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Renewables in California have met more than 100% of the state’s power needs for hours on end over the past month. The feat is an impressive display of how clean energy can power the world’s 4th largest economy. Now the state needs to build more storage to ensure that solar and wind power can meet even more demand.


The surplus power the state generated over the last month presents both an opportunity and a challenge, since California’s grid is not equipped to manage all of the power generated during peak renewable production hours.

That inability to harness all of the renewable energy resources in the state leads to curtailment — the practice of reducing the output from power generating units when the supply of electricity exceeds the demand, or when grid stability is at risk. It is a common occurrence in many power systems, particularly when dealing with renewable energy sources like wind and solar.

Reasons for curtailment include overproduction — when resources like wind and solar produce ore energy than the grid demands, it can overload the system — or when there’s not enough transmission capacity to transfer all of the renewably generated power to where it’s needed.

While curtailment is important for grid stability, it wastes renewable energy resources and can impact the financial returns of renewable energy projects. When appropriately incentivized, energy storage can alleviate these pressures and improve economics for project developers.

California already has one of the largest fleets of energy storage assets in the U.S., and has set records for its use of battery storage as a power “generating” asset during its record run of renewable power production, but the state could use more — and longer duration — energy storage asests.

The state has rapidly expanded its energy storage capabilities, achieving more than 6,600 megawatts (MW) of battery storage, sufficient to power approximately 6.6 million homes for up to four hours. But the projected need by 2045 is staggering, requiring 52,000 MW to meet its clean energy objectives​.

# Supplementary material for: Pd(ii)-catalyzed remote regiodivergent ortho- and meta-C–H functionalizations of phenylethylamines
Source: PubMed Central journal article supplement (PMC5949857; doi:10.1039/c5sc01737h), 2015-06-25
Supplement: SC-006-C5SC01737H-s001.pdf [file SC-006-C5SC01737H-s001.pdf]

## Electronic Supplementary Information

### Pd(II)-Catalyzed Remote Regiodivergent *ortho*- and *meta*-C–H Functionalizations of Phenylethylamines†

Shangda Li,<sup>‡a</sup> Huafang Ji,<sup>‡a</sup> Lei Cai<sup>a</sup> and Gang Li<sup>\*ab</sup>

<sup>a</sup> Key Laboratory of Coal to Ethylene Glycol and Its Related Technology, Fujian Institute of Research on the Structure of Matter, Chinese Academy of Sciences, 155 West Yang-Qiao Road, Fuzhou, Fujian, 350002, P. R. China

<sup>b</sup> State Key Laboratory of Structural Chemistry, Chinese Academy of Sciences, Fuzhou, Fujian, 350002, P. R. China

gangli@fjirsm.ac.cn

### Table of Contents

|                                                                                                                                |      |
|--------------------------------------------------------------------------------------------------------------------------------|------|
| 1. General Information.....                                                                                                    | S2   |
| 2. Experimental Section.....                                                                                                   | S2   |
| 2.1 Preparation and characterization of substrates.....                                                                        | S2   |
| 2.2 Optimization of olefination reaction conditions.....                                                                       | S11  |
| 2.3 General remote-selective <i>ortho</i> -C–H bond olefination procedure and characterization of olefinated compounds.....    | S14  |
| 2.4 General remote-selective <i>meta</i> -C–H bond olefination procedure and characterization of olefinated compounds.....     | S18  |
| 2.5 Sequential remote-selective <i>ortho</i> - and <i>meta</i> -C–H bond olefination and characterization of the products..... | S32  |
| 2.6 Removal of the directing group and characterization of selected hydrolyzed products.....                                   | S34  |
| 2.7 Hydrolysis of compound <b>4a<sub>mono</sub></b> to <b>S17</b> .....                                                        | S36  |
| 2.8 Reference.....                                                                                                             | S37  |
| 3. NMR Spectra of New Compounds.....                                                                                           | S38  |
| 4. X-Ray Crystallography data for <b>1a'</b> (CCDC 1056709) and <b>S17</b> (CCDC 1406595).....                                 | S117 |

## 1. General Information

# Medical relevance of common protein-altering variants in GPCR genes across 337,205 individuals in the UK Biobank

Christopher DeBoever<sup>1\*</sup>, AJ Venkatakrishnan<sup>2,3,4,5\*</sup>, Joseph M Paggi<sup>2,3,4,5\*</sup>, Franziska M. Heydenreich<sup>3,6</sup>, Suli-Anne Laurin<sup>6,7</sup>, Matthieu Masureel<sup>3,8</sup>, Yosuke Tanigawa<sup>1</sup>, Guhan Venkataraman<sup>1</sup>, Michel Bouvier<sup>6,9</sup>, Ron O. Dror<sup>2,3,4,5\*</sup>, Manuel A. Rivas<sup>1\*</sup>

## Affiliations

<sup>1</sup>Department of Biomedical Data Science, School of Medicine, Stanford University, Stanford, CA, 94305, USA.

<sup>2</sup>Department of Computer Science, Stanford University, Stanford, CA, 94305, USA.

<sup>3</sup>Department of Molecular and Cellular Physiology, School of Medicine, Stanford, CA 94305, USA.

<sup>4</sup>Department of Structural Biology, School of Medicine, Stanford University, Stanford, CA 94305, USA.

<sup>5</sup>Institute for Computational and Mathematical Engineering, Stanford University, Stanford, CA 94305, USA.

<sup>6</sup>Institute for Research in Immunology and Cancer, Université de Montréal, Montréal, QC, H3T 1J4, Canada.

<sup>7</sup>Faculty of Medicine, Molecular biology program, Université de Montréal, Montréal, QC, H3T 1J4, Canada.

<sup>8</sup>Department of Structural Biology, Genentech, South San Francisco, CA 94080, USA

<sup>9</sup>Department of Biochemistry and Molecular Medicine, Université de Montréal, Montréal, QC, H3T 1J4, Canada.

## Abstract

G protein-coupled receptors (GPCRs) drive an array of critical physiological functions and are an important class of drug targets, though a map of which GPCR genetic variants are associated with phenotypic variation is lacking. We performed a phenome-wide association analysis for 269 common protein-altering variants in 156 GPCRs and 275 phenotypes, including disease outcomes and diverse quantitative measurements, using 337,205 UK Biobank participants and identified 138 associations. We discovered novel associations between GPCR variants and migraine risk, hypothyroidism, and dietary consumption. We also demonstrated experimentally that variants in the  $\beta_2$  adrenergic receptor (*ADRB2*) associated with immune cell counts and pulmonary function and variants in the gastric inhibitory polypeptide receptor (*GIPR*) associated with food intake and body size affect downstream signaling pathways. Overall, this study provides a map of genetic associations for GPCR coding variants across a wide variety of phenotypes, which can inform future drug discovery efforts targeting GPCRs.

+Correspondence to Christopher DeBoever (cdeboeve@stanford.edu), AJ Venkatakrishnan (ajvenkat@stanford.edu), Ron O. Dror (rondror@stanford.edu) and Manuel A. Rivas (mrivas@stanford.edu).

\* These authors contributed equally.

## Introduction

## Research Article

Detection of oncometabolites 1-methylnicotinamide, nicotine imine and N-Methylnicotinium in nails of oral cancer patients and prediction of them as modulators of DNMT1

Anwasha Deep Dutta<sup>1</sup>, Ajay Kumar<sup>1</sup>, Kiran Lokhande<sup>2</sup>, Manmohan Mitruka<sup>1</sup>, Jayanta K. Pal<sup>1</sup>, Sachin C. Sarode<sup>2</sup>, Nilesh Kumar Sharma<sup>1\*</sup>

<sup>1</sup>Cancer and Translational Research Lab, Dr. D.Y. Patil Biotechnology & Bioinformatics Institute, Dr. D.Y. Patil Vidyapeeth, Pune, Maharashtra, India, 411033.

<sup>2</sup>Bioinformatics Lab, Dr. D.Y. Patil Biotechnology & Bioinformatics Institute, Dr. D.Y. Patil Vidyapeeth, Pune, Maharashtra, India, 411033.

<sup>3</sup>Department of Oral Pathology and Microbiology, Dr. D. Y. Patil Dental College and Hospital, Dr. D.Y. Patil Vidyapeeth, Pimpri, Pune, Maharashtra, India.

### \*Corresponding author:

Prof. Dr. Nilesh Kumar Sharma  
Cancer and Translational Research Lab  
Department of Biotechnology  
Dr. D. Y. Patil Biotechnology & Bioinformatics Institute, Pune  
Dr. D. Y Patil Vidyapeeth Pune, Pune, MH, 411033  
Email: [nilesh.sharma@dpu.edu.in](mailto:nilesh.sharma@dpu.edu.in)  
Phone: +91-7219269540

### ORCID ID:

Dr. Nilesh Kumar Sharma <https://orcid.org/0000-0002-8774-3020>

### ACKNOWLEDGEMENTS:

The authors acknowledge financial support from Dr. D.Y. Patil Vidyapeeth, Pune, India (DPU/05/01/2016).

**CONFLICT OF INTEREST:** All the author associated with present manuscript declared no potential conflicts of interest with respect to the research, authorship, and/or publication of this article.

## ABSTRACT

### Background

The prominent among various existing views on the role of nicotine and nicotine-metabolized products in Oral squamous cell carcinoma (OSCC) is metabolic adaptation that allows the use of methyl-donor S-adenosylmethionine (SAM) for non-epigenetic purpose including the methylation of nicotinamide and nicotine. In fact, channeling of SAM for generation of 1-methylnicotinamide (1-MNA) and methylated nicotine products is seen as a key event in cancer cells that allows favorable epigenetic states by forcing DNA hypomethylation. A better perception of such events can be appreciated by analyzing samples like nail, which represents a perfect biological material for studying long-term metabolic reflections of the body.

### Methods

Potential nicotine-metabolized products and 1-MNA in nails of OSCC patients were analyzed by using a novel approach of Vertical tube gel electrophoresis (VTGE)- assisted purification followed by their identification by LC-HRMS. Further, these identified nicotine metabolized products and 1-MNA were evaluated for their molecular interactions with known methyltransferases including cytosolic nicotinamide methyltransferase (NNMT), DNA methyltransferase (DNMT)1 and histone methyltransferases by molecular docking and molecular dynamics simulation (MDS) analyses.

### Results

On the frontier of long-duration energy storage, California is making pioneering strides with projects like the $30 million, 100-hour iron-air battery storage by Form Energy. This project is set to revolutionize energy storage with its unprecedented capacity for continuous discharge, which could significantly enhance grid reliability​.

In addition, other innovative projects are underway, like the 500 MW compressed air energy storage system by Hydrostor, known as the Willow Rock project. This system stores energy by compressing air using electricity, then releases it to generate electricity when demand peaks. This project is a part of California’s broader strategy to transition to a fully renewable energy supply by 2030​​.

Further illustrating the scale of development, Pacific Gas & Electric (PG&E) is proposing a new wave of battery storage projects totaling 1.6 GW/6.4 GWh across nine different sites, significantly boosting the state’s storage capacity and enhancing grid management and reliability​​.

The state’s renewable achievements are impressive and a model for other regions to follow, but the remarkable progress and penetration of renewable energy in the state underscores the need for better and more robust storage capacity to harness it.

To find out Emerald Strategy Partners helps companies capitalize on the opportunities presented by the energy transition, reach out to us here

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